Originally Posted by love?
How many males did you keep?
Of course it depends on your goals but.. In my opinion using as many males as possible is the best when working with outdoor genetics. Every year is different so it's good to have a lot of variation in there to make sure at least some plants flourish each time. I wouldn't even be too quick in leaving out those males that don't seem quite up to your standards, if some season is very different from the usual those genes might be the ones that shine.
This time I kept only that one male shown at last post. I usually go with feeling when selecting males (trying to keep all realities in mind). I just did not liked other males as lot as this one and ended up to keep only it.
I think it is more important to use more males when cross starts to come stable. Next generation will still give variety of different phenos, even used only one male.
Of course it would been safer to select some other males this time too, but in other hand it might be good for stabilising in small gardens to have smaller (but healthy) genepool. Like a betting to selected ones, sometimes you lose something and sometimes you win something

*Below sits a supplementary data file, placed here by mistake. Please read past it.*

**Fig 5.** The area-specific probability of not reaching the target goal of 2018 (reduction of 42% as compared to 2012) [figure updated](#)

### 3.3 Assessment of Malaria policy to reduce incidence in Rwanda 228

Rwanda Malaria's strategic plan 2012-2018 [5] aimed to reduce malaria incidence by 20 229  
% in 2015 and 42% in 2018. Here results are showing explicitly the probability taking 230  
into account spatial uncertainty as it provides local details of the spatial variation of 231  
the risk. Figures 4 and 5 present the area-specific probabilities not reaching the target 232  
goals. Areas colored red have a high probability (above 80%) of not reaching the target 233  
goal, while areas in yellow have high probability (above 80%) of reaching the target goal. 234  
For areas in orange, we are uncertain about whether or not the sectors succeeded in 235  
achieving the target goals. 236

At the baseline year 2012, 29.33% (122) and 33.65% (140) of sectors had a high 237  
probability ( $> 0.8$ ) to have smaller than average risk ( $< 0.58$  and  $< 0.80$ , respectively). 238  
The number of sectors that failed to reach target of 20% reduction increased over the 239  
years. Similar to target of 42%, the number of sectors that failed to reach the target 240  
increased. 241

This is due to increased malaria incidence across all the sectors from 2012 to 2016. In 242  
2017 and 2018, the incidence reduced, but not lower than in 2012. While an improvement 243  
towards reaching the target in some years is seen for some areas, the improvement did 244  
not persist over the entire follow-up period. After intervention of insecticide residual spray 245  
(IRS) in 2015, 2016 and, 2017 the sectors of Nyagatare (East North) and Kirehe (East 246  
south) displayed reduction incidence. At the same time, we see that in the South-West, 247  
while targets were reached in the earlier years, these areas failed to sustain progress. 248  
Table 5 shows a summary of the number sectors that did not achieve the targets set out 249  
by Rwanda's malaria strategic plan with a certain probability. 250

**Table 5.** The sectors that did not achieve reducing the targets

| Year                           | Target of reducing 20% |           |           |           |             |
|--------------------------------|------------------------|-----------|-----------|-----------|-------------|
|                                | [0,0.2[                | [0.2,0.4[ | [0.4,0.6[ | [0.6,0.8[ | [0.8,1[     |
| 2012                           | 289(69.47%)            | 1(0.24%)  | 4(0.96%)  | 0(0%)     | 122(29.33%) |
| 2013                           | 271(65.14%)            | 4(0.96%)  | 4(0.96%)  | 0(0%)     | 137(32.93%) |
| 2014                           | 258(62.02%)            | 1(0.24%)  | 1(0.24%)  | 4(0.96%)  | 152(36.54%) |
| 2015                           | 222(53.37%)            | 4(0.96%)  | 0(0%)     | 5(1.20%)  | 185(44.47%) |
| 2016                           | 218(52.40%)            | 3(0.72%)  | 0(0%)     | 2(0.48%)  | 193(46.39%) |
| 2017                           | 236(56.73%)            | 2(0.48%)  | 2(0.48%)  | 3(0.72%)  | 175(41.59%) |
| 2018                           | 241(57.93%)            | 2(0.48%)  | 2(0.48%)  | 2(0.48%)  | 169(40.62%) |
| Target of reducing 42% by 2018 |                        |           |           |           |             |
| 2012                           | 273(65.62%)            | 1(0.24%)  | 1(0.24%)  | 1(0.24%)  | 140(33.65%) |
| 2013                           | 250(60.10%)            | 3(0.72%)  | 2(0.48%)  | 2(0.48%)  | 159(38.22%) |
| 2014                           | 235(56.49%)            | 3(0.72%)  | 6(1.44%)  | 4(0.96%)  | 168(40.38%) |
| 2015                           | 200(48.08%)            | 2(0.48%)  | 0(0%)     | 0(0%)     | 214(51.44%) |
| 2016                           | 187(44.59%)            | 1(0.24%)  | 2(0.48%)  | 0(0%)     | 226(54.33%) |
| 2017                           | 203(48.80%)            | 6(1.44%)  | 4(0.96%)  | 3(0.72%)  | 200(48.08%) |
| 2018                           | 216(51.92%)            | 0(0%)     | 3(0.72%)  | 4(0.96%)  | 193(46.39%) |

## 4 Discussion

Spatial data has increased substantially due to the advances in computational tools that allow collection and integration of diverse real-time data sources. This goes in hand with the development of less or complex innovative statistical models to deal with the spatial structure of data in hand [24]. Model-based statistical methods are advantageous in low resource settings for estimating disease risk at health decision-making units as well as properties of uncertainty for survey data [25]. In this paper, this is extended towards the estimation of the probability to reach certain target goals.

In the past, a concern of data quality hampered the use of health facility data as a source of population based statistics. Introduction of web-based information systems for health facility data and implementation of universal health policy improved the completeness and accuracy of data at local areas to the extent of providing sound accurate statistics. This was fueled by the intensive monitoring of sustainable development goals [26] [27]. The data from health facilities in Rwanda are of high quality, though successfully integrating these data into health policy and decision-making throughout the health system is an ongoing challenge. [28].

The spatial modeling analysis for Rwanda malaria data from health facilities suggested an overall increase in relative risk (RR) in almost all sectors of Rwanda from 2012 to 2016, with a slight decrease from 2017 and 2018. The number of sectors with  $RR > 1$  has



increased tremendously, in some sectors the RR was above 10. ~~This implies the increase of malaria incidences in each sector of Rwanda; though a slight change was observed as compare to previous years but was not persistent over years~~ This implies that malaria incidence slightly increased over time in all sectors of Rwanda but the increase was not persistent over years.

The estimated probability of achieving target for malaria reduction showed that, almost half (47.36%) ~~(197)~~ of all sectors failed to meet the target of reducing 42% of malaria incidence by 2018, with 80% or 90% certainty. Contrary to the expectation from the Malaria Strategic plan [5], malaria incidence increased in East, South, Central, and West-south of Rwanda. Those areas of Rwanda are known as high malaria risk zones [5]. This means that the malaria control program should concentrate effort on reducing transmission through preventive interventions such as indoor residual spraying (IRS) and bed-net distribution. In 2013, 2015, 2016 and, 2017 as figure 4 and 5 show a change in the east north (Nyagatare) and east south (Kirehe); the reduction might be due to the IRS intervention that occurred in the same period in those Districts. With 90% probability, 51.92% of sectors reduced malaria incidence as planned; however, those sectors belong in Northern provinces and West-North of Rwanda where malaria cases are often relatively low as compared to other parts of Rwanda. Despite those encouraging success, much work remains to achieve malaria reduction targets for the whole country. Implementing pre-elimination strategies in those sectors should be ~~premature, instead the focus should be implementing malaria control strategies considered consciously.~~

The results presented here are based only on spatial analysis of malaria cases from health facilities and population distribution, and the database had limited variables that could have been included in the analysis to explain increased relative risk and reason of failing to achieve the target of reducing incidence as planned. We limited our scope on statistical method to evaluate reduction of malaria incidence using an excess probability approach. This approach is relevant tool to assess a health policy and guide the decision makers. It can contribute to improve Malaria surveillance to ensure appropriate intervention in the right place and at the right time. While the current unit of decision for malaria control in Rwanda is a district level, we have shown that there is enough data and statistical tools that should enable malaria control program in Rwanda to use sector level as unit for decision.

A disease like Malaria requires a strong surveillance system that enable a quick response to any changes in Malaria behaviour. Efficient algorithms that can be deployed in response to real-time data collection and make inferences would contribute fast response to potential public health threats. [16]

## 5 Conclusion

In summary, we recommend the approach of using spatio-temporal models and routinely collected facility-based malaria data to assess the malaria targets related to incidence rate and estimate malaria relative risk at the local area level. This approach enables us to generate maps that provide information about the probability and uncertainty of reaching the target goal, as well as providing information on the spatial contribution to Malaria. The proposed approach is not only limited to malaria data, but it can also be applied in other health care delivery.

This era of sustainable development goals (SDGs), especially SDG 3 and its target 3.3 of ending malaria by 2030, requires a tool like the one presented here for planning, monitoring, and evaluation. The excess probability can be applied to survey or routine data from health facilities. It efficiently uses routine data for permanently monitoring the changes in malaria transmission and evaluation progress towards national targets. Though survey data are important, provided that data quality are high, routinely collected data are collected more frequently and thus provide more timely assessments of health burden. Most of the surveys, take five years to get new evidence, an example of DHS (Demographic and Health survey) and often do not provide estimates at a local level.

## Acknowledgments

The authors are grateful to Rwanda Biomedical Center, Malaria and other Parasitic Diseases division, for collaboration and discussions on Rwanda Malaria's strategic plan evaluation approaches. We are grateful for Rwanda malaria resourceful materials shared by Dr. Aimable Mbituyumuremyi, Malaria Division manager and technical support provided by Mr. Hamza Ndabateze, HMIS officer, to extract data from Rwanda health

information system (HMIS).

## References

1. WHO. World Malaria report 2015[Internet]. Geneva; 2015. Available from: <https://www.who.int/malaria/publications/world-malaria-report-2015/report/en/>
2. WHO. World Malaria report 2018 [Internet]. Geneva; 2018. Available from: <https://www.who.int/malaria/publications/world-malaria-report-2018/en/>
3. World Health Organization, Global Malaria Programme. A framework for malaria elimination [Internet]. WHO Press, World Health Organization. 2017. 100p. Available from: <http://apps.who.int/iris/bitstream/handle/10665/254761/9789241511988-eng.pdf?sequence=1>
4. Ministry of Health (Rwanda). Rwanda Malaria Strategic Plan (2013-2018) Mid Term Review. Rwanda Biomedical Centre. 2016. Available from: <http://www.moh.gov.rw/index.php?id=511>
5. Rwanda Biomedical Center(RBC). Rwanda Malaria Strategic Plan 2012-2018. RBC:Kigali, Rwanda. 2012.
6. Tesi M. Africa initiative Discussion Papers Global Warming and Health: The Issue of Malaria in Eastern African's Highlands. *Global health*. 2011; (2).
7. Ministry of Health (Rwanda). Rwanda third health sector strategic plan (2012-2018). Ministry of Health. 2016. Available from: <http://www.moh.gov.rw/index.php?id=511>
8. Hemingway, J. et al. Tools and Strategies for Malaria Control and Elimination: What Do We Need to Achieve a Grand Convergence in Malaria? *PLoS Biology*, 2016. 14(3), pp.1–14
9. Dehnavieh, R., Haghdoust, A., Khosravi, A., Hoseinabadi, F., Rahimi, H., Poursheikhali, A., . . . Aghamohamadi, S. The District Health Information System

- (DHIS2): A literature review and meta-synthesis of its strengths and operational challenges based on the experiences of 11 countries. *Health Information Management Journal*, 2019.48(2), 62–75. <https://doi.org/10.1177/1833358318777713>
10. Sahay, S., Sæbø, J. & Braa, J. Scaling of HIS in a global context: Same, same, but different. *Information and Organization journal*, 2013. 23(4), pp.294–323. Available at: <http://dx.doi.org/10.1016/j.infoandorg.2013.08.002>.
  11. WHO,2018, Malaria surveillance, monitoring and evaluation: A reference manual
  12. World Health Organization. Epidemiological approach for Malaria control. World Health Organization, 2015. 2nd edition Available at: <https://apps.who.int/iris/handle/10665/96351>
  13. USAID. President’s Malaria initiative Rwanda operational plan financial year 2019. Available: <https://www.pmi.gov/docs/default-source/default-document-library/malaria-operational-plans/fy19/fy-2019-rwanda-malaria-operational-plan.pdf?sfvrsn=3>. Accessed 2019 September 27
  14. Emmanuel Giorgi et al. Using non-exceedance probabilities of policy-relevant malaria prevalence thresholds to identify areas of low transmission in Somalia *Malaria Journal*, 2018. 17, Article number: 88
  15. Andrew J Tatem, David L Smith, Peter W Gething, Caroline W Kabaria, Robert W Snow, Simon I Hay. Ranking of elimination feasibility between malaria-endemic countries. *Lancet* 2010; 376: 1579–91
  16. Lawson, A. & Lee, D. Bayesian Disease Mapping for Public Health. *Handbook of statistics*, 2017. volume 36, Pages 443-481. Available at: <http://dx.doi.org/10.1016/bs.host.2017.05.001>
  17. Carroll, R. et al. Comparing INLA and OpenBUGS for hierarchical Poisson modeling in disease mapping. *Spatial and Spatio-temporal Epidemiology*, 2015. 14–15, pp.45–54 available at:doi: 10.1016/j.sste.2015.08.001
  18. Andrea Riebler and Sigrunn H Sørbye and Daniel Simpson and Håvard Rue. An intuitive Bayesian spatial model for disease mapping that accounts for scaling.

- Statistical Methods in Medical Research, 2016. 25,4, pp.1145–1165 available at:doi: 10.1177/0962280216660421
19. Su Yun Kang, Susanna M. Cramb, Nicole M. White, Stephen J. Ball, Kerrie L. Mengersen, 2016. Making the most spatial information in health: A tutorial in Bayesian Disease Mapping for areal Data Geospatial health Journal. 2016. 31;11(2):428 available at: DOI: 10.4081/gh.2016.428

I see your point quite clearly anyway, but you might confuse a bit to situation where cross is somehow stable, this is first generation of cross of two different strains. If don't do any selections now and later it can end up to quite anything. In your theory way deeper you should keep also as much females as possible
Some general questions are how much you can stabilise before genepool gets too small or how long it is possible to regenerate something from small genepool?
Also I'm not sure how much of traits come from genetics straight and how much come from mutations. I mean if plant is not likely to survive outdoors, would it try to change its genetics somehow? I have readed mutations are happening all the time, but only few of them stays.